Aluminum finds widespread application in beverage cans because it cools quickly and is easy to recycle. UACJ is developing aluminum materials to meet the ongoing efforts to differentiate cans by function and design, resulting in such products as laminated cans and bottle cans.
Aluminum is suited for use in ships, as it is lightweight and affords superior durability. In particular, aluminum is used in passenger ships and ferries, which require speed. Because it is robust in extremely low-temperature applications, aluminum is used in ships that transport LNG (minus 162℃). UACJ boasts a leading share of the Japanese market for LNG tanker materials.
Aluminum is used in the curtain walls, sashes and other materials that are essential to the construction of high-rise buildings. UACJ holds the largest share of the Japanese market for aluminum plate used in construction, employed mainly in large structures.
Aluminum is used in many parts of a vehicle, including its engine, wheels, hood and suspension and, in recent years, even the body. UACJ has developed a high-casting-temperature aluminum alloy that is ideally suited for use in automobile bodies. This new alloy is helping automobile manufacturers to meet the demand for more lightweight vehicles.
Aluminum is used in the bodies of space rockets, as this high-quality, highly reliable material allows them to withstand the harsh environment of space.
Aircraft bodies employ high-strength aluminum alloys, making them extremely lightweight, strong and rigid.
Aluminum alloys first found application on railways in 1962, when they were used in railcar interiors and window sashes. Their application has expanded since that time, and aluminum railcars are now essential for railcars on shinkansen bullet trains and other high-speed railways. Aluminum is also used in standard railcars, chiefly for subways.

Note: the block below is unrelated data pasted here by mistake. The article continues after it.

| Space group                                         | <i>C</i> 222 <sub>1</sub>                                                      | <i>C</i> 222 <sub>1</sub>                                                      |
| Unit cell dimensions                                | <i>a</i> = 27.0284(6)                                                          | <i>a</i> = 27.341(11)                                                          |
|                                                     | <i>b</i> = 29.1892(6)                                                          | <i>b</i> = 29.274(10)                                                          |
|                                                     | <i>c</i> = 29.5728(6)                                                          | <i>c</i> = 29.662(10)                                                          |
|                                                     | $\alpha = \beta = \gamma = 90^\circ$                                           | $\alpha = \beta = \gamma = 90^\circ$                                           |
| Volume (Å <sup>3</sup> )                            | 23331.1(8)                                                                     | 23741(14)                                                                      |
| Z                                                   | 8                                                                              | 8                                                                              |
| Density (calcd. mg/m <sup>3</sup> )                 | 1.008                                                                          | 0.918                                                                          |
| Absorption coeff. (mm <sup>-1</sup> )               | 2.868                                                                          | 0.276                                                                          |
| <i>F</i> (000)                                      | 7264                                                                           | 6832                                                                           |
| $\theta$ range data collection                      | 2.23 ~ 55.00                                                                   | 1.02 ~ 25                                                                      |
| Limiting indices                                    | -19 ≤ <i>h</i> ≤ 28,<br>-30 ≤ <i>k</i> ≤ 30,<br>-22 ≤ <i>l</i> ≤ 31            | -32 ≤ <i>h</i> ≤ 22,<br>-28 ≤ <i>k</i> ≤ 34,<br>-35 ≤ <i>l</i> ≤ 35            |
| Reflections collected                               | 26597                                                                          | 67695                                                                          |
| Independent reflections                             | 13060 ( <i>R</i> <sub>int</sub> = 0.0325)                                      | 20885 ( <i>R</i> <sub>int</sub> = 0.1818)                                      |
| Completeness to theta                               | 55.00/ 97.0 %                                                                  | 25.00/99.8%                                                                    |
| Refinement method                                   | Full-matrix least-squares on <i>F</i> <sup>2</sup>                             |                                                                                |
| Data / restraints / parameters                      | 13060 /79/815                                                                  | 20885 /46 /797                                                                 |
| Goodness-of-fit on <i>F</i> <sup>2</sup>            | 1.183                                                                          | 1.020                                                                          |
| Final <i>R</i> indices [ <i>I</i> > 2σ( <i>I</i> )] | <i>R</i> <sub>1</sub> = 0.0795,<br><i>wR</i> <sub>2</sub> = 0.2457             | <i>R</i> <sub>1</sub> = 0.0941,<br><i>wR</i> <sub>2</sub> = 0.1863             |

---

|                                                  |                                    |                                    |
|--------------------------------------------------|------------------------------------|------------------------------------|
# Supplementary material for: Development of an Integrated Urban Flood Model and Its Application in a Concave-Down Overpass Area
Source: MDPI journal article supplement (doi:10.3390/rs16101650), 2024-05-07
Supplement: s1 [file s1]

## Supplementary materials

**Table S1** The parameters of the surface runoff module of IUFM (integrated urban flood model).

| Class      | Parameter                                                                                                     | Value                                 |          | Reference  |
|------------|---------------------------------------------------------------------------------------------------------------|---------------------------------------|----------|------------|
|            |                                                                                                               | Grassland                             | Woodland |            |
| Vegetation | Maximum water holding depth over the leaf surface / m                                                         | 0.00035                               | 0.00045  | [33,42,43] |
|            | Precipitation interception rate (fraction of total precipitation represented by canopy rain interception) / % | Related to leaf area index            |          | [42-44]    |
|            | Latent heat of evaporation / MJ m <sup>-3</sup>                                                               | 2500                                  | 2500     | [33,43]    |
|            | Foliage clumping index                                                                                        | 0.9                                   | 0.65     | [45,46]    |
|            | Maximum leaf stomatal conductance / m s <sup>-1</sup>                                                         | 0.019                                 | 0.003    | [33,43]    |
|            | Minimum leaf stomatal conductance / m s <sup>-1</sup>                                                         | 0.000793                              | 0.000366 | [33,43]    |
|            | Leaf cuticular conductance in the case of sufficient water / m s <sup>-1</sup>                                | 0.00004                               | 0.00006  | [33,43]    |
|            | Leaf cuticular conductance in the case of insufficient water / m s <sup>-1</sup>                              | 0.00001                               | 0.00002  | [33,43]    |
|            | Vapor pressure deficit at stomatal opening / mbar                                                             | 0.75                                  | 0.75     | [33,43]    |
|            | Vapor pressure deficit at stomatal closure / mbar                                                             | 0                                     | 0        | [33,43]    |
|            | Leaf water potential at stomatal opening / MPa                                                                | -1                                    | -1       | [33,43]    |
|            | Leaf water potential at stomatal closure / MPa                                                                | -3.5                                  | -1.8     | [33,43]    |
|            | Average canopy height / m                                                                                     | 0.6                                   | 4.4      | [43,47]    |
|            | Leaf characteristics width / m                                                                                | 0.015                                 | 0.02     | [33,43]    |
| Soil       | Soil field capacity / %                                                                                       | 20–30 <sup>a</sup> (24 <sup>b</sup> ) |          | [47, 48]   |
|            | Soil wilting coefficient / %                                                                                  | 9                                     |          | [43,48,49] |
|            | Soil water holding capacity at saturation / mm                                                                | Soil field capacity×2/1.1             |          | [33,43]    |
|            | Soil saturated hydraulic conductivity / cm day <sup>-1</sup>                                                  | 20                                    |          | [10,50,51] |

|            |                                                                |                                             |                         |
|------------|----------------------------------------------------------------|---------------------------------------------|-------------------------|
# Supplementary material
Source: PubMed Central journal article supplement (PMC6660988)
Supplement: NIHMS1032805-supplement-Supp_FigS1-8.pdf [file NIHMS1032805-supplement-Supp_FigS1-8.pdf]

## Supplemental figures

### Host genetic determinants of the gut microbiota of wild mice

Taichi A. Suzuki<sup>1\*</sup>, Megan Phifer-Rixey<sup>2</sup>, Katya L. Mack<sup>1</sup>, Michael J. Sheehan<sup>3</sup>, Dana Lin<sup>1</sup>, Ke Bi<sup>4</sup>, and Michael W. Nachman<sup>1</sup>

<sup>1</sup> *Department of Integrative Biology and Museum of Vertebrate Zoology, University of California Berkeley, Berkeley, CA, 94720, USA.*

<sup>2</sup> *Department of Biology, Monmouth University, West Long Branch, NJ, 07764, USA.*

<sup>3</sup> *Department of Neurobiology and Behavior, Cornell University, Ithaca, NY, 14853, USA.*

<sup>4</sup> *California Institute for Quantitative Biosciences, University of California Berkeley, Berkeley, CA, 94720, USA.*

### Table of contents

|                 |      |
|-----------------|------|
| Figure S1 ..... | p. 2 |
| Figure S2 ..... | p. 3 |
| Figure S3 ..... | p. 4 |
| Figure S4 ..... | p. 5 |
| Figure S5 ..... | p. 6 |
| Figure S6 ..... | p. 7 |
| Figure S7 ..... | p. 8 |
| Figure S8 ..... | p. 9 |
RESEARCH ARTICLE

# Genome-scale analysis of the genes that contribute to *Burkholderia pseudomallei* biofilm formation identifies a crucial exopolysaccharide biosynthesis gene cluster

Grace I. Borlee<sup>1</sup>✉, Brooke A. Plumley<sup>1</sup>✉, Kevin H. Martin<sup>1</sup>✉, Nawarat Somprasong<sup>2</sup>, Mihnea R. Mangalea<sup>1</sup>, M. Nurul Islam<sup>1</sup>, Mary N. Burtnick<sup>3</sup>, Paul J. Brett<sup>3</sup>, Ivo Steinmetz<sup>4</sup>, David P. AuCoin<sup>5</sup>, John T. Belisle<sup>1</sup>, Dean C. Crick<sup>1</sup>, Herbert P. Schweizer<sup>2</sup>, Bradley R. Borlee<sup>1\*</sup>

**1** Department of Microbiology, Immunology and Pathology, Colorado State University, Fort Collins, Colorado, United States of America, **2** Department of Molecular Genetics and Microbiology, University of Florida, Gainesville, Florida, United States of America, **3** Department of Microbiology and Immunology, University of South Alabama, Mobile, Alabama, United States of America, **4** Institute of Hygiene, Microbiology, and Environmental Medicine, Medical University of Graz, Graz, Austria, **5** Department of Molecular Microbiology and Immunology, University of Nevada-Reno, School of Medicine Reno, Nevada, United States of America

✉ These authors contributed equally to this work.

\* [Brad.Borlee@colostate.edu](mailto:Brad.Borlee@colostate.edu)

The chassis that encase the display panels of flat-screen TVs are made of aluminum, contributing to their light weight, despite larger screen areas. Also, the memory disks at the heart of the hard disk drives of DVD recorders and navigation systems.
Aluminum is essential to modern-day electronic products. In addition to aluminum electrolytic capacitors—electronic components that play a major role inside PCs—aluminum is used in the bodies of PCs, digital cameras and mobile devices.
Aluminum also has key roles in the printing industry. It is used in presensitized plates for printing novels and catalogs and in the plates employed in waterless printing, a method designed to reduce printing's environmental impact. Aluminum components are also found in abundance in copying machines and printers used in offices and homes.
Aluminum is sanitary, being harmless and odorless. Even if as the result of some chemical action the metal were to elute and form a compound, it would not present a danger to humans or pollute the soil as can happen with heavy metals. Taking advantage of these characteristics, aluminum is used widely in food product and drug packaging, as well as in medical devices and household products.